Much and more has been written already about the Lengberg Castle "bras." I'm not going to rehash any of that except to say it seems fairly certain that by at least the 15th century wearing some sort of supportive undergarment *other than* a fitted gown was not unknown. I've been playing around with making one of these for the better part of a year now and here are some thoughts. I've set up a pintrest board on period undies and another on modern undies to collect images and helpful links, rather than overburdening this page.
1. It appears that "lifted and separated" was the the ideal boob shape for most of the period I am interested in. This really cannot be accomplished with a fitted gown*, which gives you more of a mono-boob shape. Furthermore there is plenty of textual evidence for breast-shaping garments (and surgery!! WTF??) in the later middle ages which suggests to me that a breast-bag garment is more likely to have been employed than a super tight gown.
2. There is more than one way to bag a breast. The "long line bra" option is but one of four breast-bag garments that were found. It seems to have gotten the most press as it looks the most like a modern bra, but looking at visual sources as well as what is available on the find themselves suggests that many means of lifting and separating were possible. Just like we have lots of bra styles today, both for fashions sake and to accommodate different anatomy, they did the same thing back then (and why ever not? People in any given period of time face the same basic challenges and needs).
3. This one is my favorite - modern bras and bra making can teach us a whole heck of a lot about how to actually construct a plausible period breast bag. Again, the basic facts of anatomy have not changed. Breasts are what they are and there are some basic rules about constructing supportive and shaping garments that do not change regardless of time period or shape being sought. This is not to say a corset-is-a-corset or that a bra-is-a-bra, but in either case the garment is being supported at the waist line in the case of a corset or at the underbust line in the case of something bra-like.
Understanding the importance of the bra band and how to get the center point of a bra to tack (that is, sit flush against the rib cage) makes fitting a period style breast bag MUCH easier. Keeping in mind that my breasts are on the heavy side (another thing I would not have known without a foray into modern bra making), the bust band must 1 - exist and 2 - be snug/tight. This makes fitting the cups or bags much easier and proper support possible. It's also what does the lifting. The separating comes from how the cups/bags are arranged and fit on the body.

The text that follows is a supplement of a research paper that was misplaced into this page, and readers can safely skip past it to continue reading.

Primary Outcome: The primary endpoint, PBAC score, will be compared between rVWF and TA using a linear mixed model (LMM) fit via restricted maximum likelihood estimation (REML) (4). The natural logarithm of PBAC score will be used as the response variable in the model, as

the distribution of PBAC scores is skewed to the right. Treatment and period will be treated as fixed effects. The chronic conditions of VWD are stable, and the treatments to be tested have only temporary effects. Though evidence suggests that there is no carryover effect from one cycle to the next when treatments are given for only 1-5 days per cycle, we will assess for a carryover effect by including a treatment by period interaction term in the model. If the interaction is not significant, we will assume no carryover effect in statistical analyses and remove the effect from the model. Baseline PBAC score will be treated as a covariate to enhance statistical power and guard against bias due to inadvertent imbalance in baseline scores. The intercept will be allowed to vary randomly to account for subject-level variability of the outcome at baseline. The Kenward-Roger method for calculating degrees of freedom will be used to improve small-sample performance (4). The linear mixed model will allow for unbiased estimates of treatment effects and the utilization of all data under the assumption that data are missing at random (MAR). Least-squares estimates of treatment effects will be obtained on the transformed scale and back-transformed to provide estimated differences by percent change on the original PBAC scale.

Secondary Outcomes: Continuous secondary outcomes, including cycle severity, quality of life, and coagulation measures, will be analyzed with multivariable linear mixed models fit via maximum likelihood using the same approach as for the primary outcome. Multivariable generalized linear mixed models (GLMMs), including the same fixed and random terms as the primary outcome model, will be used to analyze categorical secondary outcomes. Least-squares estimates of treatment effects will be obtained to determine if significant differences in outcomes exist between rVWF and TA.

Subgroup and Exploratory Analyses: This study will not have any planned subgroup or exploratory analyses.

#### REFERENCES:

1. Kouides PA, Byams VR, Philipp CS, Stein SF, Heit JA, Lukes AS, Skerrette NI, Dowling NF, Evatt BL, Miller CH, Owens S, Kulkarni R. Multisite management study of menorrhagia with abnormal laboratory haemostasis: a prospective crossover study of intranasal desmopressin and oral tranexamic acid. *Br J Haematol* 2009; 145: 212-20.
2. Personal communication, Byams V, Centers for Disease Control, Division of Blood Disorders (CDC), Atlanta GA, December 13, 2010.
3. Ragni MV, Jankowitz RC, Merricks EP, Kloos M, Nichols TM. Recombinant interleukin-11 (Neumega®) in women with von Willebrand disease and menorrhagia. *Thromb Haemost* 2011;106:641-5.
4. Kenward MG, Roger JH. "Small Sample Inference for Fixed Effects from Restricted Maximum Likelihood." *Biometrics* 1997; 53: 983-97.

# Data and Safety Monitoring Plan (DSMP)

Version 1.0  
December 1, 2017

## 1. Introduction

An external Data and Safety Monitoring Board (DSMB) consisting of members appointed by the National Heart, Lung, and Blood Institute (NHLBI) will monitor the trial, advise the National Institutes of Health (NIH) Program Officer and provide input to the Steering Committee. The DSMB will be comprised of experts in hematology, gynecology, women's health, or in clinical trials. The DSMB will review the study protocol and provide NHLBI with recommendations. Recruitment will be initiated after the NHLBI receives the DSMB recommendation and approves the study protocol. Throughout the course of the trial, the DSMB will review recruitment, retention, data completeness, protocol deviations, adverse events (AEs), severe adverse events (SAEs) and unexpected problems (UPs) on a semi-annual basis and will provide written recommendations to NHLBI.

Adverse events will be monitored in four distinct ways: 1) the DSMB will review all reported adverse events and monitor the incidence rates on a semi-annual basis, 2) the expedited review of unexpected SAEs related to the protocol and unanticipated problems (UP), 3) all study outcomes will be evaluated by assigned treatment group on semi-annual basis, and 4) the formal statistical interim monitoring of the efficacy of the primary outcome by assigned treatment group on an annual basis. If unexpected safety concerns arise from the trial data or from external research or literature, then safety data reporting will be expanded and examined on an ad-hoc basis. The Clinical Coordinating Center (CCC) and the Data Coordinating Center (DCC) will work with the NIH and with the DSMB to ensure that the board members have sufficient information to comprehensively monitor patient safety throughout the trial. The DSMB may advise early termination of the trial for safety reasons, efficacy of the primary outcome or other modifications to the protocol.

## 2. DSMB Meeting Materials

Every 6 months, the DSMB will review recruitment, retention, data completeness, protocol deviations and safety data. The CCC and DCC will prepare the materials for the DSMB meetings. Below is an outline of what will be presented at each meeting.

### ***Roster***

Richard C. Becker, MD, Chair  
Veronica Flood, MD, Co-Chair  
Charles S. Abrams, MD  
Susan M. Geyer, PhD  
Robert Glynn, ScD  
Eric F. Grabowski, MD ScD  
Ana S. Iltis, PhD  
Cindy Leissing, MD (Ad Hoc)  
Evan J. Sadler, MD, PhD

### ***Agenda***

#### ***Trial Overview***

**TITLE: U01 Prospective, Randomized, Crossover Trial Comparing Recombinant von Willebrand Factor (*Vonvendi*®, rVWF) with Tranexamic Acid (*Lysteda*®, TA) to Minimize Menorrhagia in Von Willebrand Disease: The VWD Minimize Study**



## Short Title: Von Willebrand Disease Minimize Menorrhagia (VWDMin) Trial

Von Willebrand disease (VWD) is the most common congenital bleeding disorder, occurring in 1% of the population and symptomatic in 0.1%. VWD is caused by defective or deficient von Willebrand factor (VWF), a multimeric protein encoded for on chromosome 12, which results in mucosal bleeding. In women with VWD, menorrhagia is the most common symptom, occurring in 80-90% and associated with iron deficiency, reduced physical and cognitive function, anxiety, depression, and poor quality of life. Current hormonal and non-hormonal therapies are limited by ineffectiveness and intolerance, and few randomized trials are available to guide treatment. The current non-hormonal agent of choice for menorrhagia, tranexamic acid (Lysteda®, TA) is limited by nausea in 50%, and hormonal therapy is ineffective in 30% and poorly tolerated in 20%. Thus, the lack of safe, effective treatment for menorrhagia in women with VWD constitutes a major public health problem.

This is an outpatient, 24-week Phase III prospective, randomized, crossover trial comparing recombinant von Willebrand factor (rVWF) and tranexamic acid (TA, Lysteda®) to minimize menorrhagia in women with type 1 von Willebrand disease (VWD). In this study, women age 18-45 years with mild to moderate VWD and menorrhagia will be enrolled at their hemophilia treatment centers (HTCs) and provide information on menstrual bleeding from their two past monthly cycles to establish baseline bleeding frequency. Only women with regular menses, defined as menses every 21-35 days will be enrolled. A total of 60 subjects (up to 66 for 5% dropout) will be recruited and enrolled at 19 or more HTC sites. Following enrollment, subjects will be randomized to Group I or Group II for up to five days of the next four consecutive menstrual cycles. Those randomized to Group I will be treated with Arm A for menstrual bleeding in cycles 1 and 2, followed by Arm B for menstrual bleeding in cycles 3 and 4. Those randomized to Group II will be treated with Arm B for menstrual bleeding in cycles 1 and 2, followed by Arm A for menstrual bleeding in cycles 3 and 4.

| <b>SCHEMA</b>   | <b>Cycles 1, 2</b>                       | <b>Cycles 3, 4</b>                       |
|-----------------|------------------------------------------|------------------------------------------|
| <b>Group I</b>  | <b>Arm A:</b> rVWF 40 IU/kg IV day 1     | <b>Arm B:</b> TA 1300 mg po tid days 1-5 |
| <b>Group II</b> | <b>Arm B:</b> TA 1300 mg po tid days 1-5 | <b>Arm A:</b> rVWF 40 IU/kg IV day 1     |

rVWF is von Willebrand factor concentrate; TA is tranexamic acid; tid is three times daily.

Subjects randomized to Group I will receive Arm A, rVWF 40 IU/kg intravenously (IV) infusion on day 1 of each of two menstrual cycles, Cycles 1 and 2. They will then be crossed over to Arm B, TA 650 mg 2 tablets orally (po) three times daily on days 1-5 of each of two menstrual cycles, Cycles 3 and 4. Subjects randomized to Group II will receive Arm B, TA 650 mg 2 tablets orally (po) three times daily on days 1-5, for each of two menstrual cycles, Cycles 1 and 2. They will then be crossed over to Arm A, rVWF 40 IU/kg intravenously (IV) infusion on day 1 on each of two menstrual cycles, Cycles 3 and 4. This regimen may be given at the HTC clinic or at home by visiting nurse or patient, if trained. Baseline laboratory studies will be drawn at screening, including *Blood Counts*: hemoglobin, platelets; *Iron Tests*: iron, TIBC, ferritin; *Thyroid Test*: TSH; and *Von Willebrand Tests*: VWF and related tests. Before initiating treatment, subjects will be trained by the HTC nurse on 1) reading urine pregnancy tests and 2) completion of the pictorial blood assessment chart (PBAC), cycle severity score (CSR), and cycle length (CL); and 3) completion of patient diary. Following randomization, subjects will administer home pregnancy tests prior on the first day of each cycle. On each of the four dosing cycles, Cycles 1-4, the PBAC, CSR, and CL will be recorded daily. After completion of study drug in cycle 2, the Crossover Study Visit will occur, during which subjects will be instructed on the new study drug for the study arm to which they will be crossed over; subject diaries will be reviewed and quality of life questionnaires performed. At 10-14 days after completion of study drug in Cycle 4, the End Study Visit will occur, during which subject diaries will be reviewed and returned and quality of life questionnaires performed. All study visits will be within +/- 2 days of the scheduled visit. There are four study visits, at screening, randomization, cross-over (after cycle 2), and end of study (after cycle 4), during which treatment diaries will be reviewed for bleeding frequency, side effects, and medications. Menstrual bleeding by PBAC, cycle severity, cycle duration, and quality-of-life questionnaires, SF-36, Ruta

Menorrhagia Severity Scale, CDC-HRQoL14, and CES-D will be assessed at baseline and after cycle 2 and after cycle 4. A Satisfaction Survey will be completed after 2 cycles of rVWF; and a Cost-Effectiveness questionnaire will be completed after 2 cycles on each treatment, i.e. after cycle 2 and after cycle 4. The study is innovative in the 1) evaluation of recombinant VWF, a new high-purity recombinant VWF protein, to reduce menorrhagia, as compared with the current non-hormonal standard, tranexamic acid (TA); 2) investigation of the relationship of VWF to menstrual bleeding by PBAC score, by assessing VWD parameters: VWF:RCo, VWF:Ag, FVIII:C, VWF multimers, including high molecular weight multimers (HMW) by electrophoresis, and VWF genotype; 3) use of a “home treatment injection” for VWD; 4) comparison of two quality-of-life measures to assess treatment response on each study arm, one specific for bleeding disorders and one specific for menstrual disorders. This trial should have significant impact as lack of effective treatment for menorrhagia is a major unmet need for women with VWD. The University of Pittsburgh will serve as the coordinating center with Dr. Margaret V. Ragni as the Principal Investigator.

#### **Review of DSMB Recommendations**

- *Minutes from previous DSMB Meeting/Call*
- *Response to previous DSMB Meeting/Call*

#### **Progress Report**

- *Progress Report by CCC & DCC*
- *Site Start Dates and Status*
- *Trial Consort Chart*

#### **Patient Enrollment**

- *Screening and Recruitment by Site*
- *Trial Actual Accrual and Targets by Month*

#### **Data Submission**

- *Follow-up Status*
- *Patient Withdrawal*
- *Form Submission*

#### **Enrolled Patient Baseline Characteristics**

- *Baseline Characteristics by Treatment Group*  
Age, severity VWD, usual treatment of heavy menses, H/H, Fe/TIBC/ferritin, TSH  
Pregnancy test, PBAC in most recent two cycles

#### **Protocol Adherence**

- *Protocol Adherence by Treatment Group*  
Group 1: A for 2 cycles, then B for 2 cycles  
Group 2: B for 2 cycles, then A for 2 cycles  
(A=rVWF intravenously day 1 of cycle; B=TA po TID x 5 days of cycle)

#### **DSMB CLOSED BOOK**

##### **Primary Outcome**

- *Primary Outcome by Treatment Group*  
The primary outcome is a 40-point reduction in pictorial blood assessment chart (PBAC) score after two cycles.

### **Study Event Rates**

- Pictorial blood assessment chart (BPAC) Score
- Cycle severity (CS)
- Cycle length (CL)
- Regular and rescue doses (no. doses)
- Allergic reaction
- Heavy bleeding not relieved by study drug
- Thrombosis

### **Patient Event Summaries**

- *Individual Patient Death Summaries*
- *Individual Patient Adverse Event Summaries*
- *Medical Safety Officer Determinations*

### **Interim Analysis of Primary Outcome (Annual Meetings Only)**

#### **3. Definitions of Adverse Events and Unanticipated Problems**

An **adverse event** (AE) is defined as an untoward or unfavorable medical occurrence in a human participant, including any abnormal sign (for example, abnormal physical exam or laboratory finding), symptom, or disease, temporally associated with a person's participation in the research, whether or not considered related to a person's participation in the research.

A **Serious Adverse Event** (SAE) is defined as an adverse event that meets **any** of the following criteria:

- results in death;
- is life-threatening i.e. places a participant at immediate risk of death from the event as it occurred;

Once you figure out the band, you need to take a good hard look at your breasts and figure out where the root of the breast is (towards the center? under your arm? someplace in between?) and how much space you are working with at the center front. The first version of the Lengberg bra I made had way too much space between the cups, which prevented the band from tacking and allowed my breasts to creep out from under the cups. The current version has less space, but the band is still too loose so I am not taking but I am not falling out the bottom either. Figuring out where to make adjustments to get better fit is not as obvious (or at least wasn't to me) but there is a certain logic to bra fitting and it's easier to see after playing around with actual bra patterns. There are fitting instructions for these things after all, why not apply that accumulated knowledge?
4 - Tacking. As I mentioned above, the idea of tacking is that the center portion of a bra (where the two underwires come together on a modern bar) should lay flat against the sternum. This happens when the band is snug enough and the cups are sitting on the actual breast rather than starting too far to one side or the other of the breast root. A properly fit bra that tacks is a marvel and if you have never had this happen I highly encourage you to put down the computer, go find a specialty bra shop, and get fitted. With soft cup bras, this is not as likely to happen as there is nothing rigid for the band to pull against the body, but you should still not have inches of space between the band and your chest between the cups. Some things that seem to work to get this to happen on a breast bag type garment are 1 - making sure the band is snug 2 - getting the center height and width right and 3 - making sure you are working with the right shape garment for your particular breasts.
It's all about understanding your breast shape really. Just like with outer garments, you've got to work with the body you have. The first step in a well fit garment will always be understanding the shape of the body that will occupy it.
*assuming you have sufficient breast-mass to need help in this area